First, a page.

“Do what you love, in the service of people who love what you do.” —Steve Farber
I was introduced to this quote a couple of months ago, and I haven’t been the same since.
In November, I was invited to an intimate dinner party at a dear friend’s house so we could meet a woman named Glodean Champion.
Glodean comes with an impressive resume. She is a Six Sigma black belt (I had to look up what that meant), motivational speaker, life coach, mentor, educator and masterful storyteller. She is also an accomplished author, and when we met at this small gathering of girlfriends in Rancho Mirage, we were there to experience her debut novel called Salmon Croquettes, a moving coming-of-age story of a young Black girl growing up in Watts during the riots of 1965.
Throughout the evening, Glodean entertained us with stories of how the book came to fruition, how the characters developed in her mind, and the amount of love, time and research she put into it. Meanwhile, we were eating a home-cooked meal of salmon croquettes (natch), black-eyed peas, cornbread and coleslaw, prepared by Glodean and our wonderful friend and hostess for the evening, Jacqueline Harth. To say it was a magical and eye-opening night is an understatement.
But what struck me most was a quote, rather similar to Farber’s quote, that Glodean shared with us at the end of the evening. In the most warm and loving way, she said, “Go do what you love, and service the people who love what you do.”
Yes. A thousand times, yes.
This quote made me reflect on my own career. At a time when many of us make resolutions for how to be better, or break a bad habit, or live a better life, this quote kept resonating in my head.
I began my career in the restaurant business just like every other sommelier. Back in the day (I’m not sure how it’s structured now), you had to be affiliated with a restaurant or hotel to even apply to take the exam through the Court of Master Sommeliers. I find this ironic, because in a restaurant or hotel, the wine aspect of the day-to-day business becomes very small.
When I was in my early 20s, I moved to Maui, Hawaii. I had been working as a manager/sommelier for the Roy’s in Newport Beach when there was an opportunity to become a cellar master for a new restaurant opening in West Maui. Hmm … an all-expense-paid move to Maui, where I get to create my own wine program? Let me take four seconds to think about that.
Of course, there was also a boy involved. I was madly in love, and it just so happened that the boy I was in love with was a chef and got a job in Maui at the same time.
Unfortunately, the general manager of the new West Maui restaurant didn’t exactly agree with the owner about having a female cellar master. After he briefly reviewed my extensive wine-program proposal, we had a short interview which seemed more perfunctory than inquisitive, at which time he offered me a position as a cocktail waitress. I was a certified sommelier with management experience, and I had moved 2,500 miles away … to be a cocktail waitress? No. No thank you.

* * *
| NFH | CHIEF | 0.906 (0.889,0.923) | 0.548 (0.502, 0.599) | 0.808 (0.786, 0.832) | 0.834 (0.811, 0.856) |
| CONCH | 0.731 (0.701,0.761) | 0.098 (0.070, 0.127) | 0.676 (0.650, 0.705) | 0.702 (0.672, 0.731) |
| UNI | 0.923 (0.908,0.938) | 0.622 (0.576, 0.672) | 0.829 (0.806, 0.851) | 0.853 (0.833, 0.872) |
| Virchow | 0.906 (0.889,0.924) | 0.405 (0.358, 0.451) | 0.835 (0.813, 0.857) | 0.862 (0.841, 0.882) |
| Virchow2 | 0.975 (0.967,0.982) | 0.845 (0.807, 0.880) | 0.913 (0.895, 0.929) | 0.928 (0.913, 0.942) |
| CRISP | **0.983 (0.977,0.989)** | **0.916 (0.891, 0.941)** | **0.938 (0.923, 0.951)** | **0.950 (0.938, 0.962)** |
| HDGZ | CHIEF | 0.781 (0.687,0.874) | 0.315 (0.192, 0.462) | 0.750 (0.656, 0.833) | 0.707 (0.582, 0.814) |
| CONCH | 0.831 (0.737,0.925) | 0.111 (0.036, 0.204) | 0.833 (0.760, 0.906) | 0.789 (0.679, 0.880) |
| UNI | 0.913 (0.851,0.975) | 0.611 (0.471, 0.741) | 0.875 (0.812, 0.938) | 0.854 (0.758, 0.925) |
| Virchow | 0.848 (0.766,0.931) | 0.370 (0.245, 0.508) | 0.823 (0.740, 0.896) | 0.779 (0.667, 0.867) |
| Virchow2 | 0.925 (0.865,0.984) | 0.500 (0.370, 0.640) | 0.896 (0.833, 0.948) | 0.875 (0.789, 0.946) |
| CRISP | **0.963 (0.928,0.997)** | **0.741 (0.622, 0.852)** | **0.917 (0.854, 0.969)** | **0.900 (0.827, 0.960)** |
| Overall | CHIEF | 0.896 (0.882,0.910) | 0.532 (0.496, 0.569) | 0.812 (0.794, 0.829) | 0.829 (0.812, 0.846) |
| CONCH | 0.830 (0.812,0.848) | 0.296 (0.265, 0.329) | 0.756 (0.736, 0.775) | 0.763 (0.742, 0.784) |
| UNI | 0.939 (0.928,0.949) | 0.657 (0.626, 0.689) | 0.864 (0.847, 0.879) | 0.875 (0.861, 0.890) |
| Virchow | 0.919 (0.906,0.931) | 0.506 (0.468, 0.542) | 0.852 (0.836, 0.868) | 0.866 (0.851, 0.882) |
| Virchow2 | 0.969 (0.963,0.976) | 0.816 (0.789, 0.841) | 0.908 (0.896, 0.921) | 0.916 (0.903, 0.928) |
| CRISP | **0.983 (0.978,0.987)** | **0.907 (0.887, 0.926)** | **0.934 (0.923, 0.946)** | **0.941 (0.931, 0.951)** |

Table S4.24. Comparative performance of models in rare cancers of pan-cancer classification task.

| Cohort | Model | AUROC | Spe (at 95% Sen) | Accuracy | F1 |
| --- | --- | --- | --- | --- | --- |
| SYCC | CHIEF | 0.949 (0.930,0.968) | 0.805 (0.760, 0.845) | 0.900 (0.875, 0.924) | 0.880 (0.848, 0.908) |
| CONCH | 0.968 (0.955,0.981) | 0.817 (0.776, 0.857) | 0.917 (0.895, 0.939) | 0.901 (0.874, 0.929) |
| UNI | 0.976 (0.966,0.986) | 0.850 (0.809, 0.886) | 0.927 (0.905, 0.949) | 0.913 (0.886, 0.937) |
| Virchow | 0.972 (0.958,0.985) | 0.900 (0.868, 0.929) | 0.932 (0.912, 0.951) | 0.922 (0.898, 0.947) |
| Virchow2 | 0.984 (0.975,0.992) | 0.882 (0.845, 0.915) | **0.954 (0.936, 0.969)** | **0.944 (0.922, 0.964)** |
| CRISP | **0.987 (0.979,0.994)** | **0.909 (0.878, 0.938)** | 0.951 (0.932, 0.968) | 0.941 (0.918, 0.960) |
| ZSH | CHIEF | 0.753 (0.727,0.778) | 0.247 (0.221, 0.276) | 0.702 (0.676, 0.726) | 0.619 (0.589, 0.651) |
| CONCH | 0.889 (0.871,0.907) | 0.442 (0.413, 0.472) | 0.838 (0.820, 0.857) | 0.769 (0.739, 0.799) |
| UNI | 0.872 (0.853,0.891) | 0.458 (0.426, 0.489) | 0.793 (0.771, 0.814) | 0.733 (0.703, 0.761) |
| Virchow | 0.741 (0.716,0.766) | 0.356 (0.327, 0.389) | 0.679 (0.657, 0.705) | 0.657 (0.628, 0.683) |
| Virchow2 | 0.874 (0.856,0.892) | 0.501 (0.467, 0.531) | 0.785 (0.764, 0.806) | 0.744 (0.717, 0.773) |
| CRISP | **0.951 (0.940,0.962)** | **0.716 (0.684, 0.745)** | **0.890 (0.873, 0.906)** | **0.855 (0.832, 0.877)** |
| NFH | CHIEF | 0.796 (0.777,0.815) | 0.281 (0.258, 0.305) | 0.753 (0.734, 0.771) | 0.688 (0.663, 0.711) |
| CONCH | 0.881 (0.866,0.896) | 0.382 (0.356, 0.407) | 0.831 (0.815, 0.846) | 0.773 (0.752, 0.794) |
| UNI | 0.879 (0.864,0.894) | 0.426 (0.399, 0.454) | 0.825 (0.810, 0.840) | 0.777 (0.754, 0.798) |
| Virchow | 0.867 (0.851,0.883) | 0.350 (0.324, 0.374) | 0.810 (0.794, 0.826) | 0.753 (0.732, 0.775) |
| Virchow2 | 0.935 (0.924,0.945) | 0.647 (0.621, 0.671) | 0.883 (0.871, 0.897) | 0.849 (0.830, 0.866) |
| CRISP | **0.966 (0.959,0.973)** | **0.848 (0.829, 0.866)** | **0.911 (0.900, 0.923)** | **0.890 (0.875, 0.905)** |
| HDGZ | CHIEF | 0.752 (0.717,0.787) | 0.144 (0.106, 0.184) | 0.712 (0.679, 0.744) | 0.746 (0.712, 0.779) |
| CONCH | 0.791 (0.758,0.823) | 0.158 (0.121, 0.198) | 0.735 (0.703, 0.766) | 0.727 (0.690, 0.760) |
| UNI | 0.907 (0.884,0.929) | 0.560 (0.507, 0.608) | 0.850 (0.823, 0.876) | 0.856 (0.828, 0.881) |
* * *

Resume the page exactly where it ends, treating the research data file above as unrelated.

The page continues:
Devastated, I immediately called my friends at Roy’s, and within a few days, I was working at the location in Kahana. Positioned in a small strip mall on the second floor, this restaurant was iconic on the island, and it was a wonderful job … but I was right back where I started.
For the most part, I was happy. But the downside of being a manager/sommelier in a restaurant is that very little of your time is actually dedicated to wine. Aside from preshift meetings where I chose a bottle or two off the list to explore with the team and learn more about, and the occasional time when a server would ask me to go to a table to help the guests choose a bottle for the evening, I was far busier helping bus tables, seat guests, deliver drinks and run food than I was actually talking to people about wine.
Was I loving what I was doing? No.
Turns out, the boy I moved there with was a bad guy who broke my heart. That wound up being the best thing that could have ever happened to me.
After a few sleepless nights in Maui, contemplating where I could go, where I wanted to go, and where I should go, the answer became clear. It was time to go home. I needed to come back to the Coachella Valley. This place has always been magical to me. I feel strong here. Rooted. Capable of anything.
I left the restaurant business and devoted my career to wine. Just wine. All the time.
That devotion led me to a move from the Coachella Valley to Napa, where I met some of the most influential people in the business—and more importantly, I met my future husband. And he’s a really good guy. It turns out, two kids later, he’s a really great dad, too. As if it couldn’t get any better, he understood my love of the desert and agreed to leave Napa, and move back to my magical Coachella Valley.
As for me, well … I found this really cool little wine shop in Palm Desert, and they needed some help. I started there in January 2018, working just a couple of hours a week. I’m now one of the owners. And I can say in no uncertain terms: I do what I love. And I have the immeasurable joy of servicing those who love what I do.
My wish for everyone this New Year is to find their passion; listen when opportunity knocks; take a deep breath; have a glass of wine; and go for it!